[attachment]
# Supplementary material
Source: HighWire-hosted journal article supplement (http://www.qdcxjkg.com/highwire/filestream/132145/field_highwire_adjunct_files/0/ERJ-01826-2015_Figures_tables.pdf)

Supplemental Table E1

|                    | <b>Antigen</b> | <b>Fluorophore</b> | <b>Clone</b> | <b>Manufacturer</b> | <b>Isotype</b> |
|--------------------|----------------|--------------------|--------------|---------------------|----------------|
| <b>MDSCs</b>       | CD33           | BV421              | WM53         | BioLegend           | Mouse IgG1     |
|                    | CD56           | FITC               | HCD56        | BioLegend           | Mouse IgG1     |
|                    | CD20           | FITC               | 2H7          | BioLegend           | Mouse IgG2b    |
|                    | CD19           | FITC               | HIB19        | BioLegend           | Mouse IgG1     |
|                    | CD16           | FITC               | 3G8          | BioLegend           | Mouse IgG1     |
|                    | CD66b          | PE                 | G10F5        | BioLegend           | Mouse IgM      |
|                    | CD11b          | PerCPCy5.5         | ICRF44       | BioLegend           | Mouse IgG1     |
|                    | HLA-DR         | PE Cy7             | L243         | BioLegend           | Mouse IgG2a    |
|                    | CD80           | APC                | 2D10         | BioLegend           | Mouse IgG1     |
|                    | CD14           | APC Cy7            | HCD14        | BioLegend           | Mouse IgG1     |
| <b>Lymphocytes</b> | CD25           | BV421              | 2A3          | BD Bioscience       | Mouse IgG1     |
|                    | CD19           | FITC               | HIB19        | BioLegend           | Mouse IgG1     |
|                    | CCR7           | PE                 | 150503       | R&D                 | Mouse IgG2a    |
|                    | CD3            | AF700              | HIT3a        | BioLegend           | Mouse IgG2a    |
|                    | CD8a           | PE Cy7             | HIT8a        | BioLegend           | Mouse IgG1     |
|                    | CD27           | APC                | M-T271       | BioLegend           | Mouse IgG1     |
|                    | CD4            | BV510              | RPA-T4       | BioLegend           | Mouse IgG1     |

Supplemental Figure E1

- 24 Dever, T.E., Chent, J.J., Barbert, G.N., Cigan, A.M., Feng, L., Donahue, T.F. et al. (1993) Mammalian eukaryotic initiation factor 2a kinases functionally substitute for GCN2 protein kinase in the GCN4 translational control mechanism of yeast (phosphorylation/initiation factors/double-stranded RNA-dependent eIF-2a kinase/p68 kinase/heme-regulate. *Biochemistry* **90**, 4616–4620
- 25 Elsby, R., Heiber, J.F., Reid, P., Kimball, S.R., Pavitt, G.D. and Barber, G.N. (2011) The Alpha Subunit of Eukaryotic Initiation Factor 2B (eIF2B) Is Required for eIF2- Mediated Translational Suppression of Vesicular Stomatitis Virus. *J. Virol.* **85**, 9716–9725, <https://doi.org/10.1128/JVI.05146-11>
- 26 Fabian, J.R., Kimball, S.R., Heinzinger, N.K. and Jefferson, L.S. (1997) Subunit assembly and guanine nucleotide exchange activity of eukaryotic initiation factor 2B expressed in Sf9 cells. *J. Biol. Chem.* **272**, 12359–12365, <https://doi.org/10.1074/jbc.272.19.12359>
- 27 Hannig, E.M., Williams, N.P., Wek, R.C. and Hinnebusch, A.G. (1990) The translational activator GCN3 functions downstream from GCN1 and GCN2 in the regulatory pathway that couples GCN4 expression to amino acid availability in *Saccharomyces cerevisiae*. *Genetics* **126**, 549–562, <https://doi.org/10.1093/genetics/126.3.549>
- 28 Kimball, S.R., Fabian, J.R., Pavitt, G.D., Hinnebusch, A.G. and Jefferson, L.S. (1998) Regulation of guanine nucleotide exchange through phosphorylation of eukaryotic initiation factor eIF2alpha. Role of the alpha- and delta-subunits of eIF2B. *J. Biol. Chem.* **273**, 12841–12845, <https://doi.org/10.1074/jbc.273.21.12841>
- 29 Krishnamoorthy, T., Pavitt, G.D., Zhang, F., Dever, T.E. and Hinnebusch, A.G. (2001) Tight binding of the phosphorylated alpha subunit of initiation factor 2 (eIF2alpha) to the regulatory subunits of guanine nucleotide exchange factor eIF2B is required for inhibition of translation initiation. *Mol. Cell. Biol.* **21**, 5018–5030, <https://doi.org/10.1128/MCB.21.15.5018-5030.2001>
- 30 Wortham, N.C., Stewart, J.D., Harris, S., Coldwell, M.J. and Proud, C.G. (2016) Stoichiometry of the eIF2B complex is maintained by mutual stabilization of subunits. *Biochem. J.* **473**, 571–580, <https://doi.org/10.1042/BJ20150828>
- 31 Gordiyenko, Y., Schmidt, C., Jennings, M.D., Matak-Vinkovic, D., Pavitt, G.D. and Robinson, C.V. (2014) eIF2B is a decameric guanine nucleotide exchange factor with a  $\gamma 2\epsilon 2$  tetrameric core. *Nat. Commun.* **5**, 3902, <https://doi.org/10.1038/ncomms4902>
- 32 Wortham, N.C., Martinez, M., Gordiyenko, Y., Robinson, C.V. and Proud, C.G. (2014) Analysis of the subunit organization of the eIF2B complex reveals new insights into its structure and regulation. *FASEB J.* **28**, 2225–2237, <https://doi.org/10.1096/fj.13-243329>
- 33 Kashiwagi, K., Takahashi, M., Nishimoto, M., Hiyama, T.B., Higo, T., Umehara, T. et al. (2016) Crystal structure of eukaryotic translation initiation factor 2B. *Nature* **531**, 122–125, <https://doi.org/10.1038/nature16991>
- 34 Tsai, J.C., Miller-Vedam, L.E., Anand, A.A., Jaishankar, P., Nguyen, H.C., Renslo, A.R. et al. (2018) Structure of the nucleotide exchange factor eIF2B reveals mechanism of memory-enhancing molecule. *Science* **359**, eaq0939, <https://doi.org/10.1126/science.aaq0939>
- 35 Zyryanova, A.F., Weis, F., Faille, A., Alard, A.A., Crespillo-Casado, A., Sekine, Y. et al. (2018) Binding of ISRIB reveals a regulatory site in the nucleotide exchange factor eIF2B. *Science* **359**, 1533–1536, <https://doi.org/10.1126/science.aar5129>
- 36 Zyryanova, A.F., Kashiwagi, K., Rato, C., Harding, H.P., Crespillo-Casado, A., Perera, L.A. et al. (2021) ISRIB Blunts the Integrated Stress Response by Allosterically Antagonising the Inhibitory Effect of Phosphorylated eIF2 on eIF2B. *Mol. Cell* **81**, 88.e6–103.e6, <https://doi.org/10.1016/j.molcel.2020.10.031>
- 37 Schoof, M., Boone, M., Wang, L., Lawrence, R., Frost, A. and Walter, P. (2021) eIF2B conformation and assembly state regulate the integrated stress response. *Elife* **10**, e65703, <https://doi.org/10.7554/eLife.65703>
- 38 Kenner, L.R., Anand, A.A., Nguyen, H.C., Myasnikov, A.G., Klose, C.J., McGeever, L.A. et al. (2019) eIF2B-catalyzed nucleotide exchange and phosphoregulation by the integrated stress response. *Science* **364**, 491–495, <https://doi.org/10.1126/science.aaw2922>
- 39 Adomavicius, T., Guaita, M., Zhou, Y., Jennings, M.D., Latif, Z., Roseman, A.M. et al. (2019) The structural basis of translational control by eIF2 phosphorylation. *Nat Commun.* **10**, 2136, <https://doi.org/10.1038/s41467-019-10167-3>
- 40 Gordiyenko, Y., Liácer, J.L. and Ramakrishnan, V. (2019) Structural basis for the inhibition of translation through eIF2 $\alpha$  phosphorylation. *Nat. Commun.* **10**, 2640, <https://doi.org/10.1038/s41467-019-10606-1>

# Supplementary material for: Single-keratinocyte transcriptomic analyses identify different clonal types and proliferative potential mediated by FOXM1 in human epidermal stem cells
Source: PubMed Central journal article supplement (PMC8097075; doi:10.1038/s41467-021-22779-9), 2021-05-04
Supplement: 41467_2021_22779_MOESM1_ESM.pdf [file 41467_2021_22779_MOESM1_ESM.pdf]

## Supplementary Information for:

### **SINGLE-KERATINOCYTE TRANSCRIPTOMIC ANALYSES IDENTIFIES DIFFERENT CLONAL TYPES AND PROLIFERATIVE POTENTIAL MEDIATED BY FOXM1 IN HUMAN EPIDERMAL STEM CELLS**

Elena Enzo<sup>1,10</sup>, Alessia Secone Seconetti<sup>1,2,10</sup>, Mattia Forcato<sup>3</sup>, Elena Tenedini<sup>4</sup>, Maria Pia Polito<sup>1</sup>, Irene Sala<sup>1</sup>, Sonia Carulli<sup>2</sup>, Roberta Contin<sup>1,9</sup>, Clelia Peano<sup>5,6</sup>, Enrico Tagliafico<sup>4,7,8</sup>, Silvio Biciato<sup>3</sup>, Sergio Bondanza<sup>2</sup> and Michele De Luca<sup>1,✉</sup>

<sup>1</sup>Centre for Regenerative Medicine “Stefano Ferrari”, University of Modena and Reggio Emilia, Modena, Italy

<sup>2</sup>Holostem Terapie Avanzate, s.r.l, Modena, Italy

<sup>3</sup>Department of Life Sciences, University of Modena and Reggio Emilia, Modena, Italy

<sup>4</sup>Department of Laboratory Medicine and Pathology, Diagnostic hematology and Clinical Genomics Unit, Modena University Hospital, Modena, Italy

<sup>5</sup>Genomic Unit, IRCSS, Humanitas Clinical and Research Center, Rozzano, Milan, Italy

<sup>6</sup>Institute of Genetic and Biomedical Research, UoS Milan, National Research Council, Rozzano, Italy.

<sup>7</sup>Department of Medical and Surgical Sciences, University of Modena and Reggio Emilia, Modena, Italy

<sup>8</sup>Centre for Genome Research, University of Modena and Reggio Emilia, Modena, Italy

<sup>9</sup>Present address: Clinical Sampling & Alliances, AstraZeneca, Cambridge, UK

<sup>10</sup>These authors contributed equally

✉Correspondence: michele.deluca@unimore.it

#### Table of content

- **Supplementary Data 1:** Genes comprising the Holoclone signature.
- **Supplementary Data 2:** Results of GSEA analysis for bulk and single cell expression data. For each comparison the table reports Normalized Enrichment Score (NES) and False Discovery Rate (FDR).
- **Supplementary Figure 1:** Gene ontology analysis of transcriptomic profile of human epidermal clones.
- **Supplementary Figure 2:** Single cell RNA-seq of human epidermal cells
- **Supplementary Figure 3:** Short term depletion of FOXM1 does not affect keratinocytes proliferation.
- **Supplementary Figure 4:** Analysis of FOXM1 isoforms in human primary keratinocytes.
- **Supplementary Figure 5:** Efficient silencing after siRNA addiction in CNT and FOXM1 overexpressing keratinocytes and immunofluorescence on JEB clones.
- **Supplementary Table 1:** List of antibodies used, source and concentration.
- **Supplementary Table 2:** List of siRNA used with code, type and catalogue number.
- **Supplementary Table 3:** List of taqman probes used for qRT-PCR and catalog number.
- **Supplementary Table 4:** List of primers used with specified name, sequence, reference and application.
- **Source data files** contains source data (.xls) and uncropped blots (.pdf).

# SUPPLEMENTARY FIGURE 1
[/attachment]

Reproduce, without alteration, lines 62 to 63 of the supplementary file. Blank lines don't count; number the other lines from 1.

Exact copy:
- **Supplementary Figure 2:** Single cell RNA-seq of human epidermal cells
- **Supplementary Figure 3:** Short term depletion of FOXM1 does not affect keratinocytes proliferation.